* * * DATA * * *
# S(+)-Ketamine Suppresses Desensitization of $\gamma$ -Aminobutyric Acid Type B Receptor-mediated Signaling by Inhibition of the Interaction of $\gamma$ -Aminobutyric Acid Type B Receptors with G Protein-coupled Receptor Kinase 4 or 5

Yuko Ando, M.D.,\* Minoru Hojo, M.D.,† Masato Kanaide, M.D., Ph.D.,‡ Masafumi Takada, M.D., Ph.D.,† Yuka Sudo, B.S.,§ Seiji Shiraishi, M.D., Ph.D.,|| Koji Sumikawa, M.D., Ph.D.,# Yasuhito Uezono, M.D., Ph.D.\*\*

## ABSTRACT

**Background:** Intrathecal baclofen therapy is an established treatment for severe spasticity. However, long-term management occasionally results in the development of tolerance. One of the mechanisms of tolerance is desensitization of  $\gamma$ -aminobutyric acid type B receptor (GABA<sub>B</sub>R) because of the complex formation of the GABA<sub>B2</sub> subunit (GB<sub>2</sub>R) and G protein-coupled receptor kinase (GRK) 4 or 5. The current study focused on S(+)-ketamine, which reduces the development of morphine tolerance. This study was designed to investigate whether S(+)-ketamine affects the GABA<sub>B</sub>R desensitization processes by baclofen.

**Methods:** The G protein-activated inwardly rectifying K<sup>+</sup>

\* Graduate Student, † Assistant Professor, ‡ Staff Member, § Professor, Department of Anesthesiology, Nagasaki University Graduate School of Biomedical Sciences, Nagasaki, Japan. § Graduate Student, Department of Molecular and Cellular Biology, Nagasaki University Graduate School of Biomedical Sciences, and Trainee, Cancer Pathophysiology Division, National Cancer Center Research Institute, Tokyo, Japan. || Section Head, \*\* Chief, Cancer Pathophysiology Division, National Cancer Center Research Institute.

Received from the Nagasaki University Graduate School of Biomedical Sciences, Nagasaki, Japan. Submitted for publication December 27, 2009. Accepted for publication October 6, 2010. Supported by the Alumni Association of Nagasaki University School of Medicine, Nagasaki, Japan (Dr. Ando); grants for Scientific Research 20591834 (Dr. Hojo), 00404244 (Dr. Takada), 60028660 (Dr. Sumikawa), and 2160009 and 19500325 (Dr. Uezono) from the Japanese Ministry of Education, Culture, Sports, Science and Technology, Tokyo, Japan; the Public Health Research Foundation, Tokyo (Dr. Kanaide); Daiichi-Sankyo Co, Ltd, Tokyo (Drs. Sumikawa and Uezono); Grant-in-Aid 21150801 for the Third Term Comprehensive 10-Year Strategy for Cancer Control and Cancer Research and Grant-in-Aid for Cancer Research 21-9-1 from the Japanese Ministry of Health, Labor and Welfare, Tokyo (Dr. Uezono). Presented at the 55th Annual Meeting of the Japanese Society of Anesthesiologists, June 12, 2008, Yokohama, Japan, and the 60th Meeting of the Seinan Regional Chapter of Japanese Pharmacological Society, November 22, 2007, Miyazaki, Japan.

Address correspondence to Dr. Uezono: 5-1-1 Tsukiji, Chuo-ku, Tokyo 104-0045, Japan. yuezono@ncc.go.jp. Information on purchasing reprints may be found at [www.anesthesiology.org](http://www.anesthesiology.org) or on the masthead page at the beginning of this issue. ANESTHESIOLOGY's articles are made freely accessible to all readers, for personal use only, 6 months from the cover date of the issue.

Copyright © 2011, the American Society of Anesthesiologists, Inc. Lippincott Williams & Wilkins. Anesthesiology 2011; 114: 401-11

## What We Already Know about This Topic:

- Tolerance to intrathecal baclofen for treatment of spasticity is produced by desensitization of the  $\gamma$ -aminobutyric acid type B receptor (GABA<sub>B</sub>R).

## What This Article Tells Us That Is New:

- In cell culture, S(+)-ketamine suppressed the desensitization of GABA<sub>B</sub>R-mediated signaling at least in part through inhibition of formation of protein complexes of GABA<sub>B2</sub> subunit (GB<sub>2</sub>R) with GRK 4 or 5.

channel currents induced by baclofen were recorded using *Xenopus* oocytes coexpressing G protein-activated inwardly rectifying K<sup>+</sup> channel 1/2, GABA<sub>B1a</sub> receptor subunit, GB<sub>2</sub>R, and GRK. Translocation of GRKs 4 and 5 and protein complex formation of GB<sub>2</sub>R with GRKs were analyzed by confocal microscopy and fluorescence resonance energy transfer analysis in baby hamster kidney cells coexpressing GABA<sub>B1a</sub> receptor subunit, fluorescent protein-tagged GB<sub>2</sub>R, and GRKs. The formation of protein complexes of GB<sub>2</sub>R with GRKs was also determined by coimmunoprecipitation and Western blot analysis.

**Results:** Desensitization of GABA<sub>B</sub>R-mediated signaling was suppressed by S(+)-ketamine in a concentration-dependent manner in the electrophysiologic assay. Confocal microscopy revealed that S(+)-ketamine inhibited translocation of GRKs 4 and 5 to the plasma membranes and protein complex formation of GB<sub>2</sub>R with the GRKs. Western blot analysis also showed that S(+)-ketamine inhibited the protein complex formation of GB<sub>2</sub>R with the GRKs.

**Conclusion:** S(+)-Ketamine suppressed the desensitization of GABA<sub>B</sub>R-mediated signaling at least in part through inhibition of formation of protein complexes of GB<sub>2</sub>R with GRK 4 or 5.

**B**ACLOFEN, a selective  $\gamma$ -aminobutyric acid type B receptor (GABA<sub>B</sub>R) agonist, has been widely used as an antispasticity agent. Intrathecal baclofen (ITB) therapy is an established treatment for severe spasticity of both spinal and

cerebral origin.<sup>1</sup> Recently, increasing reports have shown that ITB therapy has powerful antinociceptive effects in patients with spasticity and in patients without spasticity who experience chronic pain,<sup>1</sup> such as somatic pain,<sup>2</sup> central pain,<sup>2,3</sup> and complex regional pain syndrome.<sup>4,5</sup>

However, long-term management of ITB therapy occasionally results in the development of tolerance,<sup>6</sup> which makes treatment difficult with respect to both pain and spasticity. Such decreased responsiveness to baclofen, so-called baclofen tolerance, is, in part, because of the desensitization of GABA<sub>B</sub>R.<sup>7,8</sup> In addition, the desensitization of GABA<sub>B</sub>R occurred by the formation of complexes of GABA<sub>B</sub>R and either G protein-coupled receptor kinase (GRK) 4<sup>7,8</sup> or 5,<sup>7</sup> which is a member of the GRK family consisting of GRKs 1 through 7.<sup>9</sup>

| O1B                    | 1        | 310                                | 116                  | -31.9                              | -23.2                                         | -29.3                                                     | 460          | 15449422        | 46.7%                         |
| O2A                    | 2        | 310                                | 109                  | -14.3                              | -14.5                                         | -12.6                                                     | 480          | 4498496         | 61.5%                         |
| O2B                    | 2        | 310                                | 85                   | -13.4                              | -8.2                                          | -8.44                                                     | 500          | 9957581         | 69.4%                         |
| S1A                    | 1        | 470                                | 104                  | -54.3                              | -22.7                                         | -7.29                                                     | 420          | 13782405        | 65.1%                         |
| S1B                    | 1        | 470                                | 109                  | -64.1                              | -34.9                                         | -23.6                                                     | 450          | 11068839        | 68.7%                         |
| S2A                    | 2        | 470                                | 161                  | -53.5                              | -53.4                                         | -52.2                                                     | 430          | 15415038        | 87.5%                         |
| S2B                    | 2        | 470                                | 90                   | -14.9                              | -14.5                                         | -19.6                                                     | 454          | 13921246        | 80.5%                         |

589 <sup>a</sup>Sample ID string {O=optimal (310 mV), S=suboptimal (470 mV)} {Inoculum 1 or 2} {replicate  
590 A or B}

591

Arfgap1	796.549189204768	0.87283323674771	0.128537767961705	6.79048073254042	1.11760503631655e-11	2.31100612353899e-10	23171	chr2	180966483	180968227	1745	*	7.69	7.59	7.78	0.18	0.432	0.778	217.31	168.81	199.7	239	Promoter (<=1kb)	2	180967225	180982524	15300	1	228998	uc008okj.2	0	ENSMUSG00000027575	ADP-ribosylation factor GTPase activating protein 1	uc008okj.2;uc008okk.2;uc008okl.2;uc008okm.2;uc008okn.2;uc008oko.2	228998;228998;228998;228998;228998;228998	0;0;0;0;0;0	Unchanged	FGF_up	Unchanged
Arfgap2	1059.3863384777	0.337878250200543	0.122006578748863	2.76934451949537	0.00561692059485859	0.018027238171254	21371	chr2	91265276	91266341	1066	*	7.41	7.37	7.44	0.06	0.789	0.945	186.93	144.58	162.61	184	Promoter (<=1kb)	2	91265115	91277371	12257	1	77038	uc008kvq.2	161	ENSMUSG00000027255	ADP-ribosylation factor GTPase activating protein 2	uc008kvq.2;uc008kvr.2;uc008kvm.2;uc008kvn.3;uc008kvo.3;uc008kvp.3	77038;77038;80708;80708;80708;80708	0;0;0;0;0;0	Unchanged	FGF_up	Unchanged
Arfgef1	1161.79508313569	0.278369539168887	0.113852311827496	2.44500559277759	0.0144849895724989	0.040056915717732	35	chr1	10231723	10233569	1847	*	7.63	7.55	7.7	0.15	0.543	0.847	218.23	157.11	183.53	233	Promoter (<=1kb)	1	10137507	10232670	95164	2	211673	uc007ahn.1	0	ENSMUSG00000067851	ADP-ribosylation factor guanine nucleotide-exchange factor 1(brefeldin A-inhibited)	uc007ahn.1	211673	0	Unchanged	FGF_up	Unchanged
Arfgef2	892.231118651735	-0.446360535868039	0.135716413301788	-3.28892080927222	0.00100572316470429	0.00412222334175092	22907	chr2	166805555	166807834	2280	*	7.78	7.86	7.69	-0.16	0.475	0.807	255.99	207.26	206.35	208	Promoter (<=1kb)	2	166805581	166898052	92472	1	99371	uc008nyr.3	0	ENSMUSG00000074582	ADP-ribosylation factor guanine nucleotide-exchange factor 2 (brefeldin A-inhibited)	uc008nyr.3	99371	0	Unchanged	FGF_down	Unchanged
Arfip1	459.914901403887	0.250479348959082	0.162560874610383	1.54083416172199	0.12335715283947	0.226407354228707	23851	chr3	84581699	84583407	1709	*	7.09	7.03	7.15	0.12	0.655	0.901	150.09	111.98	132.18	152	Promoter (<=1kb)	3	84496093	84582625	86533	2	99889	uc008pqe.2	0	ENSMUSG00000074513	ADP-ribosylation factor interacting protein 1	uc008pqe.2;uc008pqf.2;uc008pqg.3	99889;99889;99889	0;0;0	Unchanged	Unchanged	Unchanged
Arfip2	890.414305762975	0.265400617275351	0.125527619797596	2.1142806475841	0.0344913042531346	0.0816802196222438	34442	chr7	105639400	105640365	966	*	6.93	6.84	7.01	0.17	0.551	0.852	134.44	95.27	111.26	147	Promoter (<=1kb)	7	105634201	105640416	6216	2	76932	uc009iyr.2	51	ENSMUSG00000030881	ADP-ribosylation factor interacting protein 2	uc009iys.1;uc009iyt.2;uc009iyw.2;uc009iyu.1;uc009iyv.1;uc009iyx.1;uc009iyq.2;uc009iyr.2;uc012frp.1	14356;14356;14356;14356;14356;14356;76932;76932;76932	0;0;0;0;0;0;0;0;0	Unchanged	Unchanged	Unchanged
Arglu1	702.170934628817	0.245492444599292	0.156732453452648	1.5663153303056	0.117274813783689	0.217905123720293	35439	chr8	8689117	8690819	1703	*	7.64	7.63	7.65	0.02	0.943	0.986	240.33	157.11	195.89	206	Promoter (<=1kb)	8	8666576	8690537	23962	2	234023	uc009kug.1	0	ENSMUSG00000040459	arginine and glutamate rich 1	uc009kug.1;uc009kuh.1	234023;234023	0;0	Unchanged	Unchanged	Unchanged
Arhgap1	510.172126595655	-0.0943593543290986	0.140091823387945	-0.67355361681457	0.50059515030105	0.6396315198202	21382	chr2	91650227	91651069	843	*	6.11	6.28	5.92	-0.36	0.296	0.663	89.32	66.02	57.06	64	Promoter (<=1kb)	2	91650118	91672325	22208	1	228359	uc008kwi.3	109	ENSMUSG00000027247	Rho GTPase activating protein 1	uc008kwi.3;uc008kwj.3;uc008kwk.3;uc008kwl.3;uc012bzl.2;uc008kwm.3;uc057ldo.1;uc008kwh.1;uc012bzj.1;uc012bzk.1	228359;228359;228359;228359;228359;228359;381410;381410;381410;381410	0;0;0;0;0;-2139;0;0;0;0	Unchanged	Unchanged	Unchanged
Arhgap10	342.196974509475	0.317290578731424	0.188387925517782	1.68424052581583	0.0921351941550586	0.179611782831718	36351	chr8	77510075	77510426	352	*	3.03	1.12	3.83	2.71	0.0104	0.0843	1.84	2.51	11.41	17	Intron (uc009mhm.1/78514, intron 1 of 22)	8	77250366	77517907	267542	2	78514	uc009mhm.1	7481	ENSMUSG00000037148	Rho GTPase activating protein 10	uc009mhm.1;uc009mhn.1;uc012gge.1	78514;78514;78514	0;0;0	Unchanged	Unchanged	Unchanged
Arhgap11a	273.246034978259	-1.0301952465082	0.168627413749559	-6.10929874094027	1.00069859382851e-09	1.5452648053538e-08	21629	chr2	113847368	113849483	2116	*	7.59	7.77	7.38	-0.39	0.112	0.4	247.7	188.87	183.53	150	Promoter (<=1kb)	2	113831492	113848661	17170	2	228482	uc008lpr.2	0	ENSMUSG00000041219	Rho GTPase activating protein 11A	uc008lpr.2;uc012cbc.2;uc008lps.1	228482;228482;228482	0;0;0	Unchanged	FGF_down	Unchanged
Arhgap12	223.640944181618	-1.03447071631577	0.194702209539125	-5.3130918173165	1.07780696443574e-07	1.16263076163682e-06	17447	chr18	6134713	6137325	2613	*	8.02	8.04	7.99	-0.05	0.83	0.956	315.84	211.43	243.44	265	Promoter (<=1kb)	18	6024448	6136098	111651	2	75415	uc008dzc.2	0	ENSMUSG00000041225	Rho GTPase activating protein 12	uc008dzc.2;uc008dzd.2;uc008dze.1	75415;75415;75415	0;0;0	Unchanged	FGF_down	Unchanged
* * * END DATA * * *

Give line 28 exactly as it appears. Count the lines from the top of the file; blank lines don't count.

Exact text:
590 A or B}